This stokes an abiding fear that torments me concerning the “legalization” of drugs, which I strongly favor (legalization, that is, not drugs, per se). Allowing contraband to go legit seems only to subject it to the torment of regulation. litigation and taxation. A different set of feds in a different set of windbreakers will be sure to spoil the fun.

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  4. AaronS says:

    Reminds me of something from “Reminiscences of a Stock Operator”…. Two guys got so tired of a CEO giving them stock tips that, time after time, turned out the exact opposite, that one of the guys decided to give him what for. “Wait! Don’t do that!” the other guy exclaimed. “He’ll never give us any more tips if you do!”

    Same with economists. Hope springs eternal that they will finally get one right. And the truth is, that since economists are all over the board, it’s almost certain that SOMEONE will get the right answer–even if by complete accident.

    Then we hitch our wagon to that school of thought for a while…until another school of thought accidentally gets one right.

    Further, if televangelists are any indication, people remember only the right “prophecies,” and will overlook and forget a hundred wrong ones if you just get on right.

    Then, of course, there is the conspiracy theorist. He claims the market will crash in, say, 2012. If it doesn’t, he finds, lo and behold, that he missed some important data, and instead it will happen in 2015.

    If it happens before or after that date, he gets to say, “Well, my prediction was right, but my timing was off.”

    It’s a scam. And economists are part of it. They are GUESSERS, just like everyone else when it comes to the future (though, in all fairness, they do try to reason their way to their conclusions).

    The difference is that economists are part of the accepted power structure of our nation. Besides, if we give them what for, they might not give us any more tips!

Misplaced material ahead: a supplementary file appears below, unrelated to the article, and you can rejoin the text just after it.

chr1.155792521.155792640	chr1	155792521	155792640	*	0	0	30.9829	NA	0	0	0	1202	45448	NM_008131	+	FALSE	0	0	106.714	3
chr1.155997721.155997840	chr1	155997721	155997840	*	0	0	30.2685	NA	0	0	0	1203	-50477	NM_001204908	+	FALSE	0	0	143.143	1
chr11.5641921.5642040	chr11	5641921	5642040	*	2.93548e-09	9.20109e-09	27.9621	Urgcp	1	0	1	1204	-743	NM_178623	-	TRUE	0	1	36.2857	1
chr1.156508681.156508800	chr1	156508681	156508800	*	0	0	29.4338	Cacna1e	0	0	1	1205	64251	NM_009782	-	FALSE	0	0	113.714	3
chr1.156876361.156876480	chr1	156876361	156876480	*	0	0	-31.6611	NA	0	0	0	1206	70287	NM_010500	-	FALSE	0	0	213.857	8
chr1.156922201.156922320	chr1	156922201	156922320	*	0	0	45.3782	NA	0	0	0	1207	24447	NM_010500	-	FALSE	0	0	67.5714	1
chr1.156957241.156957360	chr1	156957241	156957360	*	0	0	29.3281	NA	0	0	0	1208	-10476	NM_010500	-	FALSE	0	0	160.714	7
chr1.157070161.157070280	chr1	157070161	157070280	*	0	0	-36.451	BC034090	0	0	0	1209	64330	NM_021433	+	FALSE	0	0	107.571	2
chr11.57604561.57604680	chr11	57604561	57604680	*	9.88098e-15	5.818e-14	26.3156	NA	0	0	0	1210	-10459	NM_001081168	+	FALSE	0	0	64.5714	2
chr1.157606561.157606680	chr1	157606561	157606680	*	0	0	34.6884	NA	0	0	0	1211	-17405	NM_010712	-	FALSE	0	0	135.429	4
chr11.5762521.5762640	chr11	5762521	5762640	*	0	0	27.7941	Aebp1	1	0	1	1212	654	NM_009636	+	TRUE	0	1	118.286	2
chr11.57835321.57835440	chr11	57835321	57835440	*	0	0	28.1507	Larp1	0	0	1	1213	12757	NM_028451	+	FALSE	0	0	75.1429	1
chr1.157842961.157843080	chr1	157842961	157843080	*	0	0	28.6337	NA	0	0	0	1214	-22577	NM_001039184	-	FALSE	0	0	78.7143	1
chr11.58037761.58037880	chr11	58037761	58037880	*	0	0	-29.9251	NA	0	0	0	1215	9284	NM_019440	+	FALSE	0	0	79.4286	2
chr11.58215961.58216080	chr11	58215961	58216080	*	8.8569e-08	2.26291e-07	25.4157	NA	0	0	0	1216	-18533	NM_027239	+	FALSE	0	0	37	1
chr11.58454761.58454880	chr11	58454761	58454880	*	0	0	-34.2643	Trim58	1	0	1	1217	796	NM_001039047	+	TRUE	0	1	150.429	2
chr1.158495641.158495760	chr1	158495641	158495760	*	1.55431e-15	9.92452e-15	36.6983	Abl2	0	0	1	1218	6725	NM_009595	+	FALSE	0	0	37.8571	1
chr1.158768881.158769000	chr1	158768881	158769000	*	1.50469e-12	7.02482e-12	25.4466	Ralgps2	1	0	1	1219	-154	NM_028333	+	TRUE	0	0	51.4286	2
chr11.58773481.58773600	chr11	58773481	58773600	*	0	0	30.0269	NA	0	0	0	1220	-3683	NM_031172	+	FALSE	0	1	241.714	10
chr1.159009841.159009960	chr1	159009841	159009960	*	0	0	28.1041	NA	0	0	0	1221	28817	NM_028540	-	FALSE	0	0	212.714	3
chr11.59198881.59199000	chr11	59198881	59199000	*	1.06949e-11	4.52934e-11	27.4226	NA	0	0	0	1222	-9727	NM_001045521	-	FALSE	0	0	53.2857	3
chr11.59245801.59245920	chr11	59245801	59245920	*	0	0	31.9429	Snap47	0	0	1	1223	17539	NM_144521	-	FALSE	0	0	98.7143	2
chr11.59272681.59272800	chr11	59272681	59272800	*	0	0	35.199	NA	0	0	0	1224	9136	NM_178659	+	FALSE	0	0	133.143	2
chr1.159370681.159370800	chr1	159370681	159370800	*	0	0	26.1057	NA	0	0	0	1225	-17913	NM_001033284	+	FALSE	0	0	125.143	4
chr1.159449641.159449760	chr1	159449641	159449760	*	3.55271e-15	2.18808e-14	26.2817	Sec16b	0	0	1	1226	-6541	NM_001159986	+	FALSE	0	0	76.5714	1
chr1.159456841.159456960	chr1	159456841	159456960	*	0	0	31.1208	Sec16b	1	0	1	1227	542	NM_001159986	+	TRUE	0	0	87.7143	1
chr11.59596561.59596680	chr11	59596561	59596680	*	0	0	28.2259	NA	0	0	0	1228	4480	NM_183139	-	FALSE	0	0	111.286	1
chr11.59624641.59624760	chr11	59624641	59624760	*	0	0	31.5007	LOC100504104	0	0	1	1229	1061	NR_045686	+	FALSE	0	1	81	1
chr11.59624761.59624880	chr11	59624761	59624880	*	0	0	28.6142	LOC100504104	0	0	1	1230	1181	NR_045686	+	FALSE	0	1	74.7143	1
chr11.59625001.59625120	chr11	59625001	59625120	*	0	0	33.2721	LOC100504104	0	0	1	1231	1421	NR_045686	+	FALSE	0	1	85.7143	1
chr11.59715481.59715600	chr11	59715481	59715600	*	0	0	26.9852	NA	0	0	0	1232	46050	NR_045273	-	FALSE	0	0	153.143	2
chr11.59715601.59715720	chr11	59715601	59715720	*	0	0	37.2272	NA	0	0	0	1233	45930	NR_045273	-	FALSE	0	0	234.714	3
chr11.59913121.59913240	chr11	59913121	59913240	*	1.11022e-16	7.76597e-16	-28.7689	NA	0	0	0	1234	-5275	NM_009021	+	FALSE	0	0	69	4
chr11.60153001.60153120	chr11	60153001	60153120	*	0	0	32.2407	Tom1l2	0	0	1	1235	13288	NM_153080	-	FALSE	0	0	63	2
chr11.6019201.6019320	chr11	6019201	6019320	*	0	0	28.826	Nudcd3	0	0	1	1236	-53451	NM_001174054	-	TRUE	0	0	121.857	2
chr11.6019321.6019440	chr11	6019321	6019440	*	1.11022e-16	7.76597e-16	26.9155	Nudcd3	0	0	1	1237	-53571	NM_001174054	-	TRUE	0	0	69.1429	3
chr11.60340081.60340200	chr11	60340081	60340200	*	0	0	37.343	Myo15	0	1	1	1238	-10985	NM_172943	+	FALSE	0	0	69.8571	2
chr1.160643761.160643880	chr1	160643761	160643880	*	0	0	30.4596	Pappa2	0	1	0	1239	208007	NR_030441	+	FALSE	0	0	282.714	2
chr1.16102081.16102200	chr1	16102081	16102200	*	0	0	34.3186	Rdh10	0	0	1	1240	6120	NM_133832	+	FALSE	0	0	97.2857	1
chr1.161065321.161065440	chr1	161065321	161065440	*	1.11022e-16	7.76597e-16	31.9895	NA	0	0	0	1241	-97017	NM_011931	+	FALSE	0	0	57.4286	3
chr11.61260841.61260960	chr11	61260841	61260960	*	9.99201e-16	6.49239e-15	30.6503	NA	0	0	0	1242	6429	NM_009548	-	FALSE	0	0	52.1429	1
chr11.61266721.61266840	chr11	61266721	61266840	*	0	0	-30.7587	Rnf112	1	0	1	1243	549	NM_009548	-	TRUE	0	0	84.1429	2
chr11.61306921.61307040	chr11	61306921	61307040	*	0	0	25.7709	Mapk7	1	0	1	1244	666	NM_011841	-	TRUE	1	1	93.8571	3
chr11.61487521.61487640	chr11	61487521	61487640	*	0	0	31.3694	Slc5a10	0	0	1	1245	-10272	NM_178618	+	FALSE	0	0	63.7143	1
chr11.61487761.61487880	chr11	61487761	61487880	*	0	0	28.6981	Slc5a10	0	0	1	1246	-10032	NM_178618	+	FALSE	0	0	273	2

(Said with all due respect to Steven Levitt, whom I admire. Of course, Freakonomics, as much as I love it, is the science of hindsight: When this or that was done, look at this unexpected thing that happened. It doesn’t prove or tell us anything much about the future–so hurrah for them!)

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  5. Clancy says:

    Holding predictors accountable would probably cause the simple result of their being almost no concrete, non-obvious predictions. Any predictions would be loaded down with vagueness, hedges and weasel words so as to render them unprovable.

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  6. Alberto Ferrer says:

    Let’s not forget weather forecasters.

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  7. Caitlyn says:

    I wonder if there’s a correlation between lower temperatures and lower libido in women, and if that has anything to do with it. Probably not, it’s just a thought that occurred to me.

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  8. Eric M. Jones says:

    The Holy Bible tells us to kill and burn witches. Don’t you believe God’s Word?

    Exodus 22:18 says, “Suffer not (Don’t allow) a witch to live.” Deuteronomy 18:10 says, “There shall not be found among you any one that maketh his son or his daughter to pass through the fire, or that useth divination, or an observer of times, or an enchanter, or a witch.”

    I predict all our fortunes would improve if we examined the live entrails of hedge-fund managers and big bankers.

    Jus’ sayin’…. now back to my Wiccan morning alectromancy.